But Xi knows that Beijing has not repealed the basic economic theory: There are too many people chasing too few opportunities, with 1 percent of China’s population holding a third of the country’s wealth, by the government’s own estimates. And with an aging population, whose problems are exacerbated by decades of the one-child policy, the country has too few entrants into the labor market to keep wages low. This is made worse by an education rate inadequate to the task of creating a middle-class work force that can help China escape its globally assigned role as low-cost producer and arrest its decline in economic growth. According to some estimates, more than three-quarters of the labor force did not complete high school.

Seen through that lens, Beijing’s nascent crackdown on the unchecked expansion and consequent wealth of Alibaba, Tencent, and other high-tech darlings of Western bankers and investors may be a signal of the government’s recognition that flagrant wealth cannot coexist with abject poverty. This also explains why Xi has dedicated much of his first term to wringing out the official corruption that feeds off the conspicuous wealth of the urban elite. His party purges, while certainly tools of old-fashioned political consolidation, also are drastic measures to maintain control over forces he knows will contribute to national entropy if left unchecked.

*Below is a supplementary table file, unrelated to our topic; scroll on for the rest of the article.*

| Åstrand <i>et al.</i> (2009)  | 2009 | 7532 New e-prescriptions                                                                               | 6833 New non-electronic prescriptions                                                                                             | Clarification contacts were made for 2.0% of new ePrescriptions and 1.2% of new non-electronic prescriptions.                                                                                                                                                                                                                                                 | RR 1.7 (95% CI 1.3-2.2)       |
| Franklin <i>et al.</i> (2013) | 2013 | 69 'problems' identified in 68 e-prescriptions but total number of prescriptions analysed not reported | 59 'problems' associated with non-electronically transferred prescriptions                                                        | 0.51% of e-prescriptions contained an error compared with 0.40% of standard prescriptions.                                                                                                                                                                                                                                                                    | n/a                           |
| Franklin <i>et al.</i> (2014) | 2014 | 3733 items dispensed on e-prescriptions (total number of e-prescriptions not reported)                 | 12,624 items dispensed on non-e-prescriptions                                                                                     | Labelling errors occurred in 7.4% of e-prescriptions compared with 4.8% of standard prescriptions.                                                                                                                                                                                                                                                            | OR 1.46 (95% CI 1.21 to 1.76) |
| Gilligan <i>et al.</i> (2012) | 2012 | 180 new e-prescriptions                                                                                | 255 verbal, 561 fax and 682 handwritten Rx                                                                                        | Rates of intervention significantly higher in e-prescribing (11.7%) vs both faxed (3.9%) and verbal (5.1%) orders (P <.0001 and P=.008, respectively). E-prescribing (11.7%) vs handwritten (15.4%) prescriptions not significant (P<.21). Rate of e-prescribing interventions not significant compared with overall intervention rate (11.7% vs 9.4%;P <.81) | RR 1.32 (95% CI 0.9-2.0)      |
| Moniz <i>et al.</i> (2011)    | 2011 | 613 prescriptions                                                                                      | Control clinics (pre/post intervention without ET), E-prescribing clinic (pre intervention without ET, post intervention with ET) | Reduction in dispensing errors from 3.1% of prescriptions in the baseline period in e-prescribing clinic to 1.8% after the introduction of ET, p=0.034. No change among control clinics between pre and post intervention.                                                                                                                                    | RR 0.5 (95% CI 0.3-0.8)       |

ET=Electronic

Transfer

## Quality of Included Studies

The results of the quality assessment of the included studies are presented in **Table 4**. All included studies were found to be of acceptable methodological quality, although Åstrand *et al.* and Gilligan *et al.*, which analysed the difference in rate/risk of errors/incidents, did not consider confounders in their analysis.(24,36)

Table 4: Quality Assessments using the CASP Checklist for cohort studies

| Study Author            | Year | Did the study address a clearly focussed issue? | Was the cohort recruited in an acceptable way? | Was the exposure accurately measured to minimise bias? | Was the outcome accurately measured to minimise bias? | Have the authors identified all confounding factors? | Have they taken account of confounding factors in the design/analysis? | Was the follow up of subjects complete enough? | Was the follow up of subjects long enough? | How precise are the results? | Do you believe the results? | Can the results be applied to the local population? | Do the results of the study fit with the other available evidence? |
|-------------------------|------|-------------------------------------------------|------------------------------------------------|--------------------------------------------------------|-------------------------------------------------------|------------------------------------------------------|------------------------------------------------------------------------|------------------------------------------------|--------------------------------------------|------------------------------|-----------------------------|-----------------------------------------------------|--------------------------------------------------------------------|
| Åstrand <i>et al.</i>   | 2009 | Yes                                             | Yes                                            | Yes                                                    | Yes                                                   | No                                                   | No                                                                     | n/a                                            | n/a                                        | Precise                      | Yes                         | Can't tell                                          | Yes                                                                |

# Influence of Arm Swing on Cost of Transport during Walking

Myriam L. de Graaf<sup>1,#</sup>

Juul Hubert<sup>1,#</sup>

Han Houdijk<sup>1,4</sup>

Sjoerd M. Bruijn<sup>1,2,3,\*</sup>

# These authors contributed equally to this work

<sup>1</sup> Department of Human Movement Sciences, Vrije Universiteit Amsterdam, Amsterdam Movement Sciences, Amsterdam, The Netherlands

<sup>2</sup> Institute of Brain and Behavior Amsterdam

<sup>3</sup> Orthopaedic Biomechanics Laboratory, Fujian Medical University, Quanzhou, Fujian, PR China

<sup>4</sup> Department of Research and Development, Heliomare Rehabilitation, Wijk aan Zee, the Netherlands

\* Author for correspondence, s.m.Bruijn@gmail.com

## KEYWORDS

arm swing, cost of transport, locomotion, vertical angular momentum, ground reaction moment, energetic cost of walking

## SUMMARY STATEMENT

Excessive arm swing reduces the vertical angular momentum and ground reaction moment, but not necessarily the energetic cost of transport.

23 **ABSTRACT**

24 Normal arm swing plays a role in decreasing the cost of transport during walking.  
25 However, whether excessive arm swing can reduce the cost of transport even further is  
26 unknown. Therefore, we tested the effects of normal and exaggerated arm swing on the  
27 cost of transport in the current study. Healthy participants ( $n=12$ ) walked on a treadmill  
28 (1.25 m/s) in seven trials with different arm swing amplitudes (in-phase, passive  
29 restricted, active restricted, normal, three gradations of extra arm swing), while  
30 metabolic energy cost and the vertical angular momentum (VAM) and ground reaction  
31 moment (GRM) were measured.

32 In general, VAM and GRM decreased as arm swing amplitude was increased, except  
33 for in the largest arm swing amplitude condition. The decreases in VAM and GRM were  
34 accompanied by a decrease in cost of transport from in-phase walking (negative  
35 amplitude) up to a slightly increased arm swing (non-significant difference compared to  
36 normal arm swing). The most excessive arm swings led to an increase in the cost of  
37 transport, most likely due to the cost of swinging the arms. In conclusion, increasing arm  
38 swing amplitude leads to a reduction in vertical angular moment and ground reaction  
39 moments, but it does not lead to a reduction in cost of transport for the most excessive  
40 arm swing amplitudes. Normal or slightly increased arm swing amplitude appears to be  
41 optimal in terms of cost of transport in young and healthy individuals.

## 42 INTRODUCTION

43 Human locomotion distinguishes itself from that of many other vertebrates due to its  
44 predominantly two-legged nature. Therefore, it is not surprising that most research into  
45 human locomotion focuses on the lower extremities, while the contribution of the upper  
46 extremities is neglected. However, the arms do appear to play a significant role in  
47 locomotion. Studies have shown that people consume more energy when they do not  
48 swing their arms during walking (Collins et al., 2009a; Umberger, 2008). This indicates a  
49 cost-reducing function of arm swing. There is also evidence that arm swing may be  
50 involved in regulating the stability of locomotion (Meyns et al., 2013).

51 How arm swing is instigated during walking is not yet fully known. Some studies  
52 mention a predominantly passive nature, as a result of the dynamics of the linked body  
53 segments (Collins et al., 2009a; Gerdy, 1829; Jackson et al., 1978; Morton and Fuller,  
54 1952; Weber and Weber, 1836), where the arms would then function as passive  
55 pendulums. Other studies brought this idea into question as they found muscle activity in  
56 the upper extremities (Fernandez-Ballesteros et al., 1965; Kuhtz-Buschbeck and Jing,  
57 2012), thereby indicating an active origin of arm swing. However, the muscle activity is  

There was speculation leading up to the 19th Party Congress that President Xi would use the meeting to lay the groundwork for an unprecedented third term. The true hallmark of his first term, though, isn’t that he consolidated his power and placed himself in a position of unquestioned authority. He did. But he also presided over the further structural decline of a system whose inherent contradictions, he acknowledges, are his country’s greatest challenge. The forces at play in China’s vast interior may be beyond his ability to influence, and how he manages their impact will define his next five years, and China’s future beyond that.

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Therese Shaheen is a businesswoman and CEO of US Asia International. She was the chairman of the State Department’s American Institute in Taiwan from 2002 to 2004.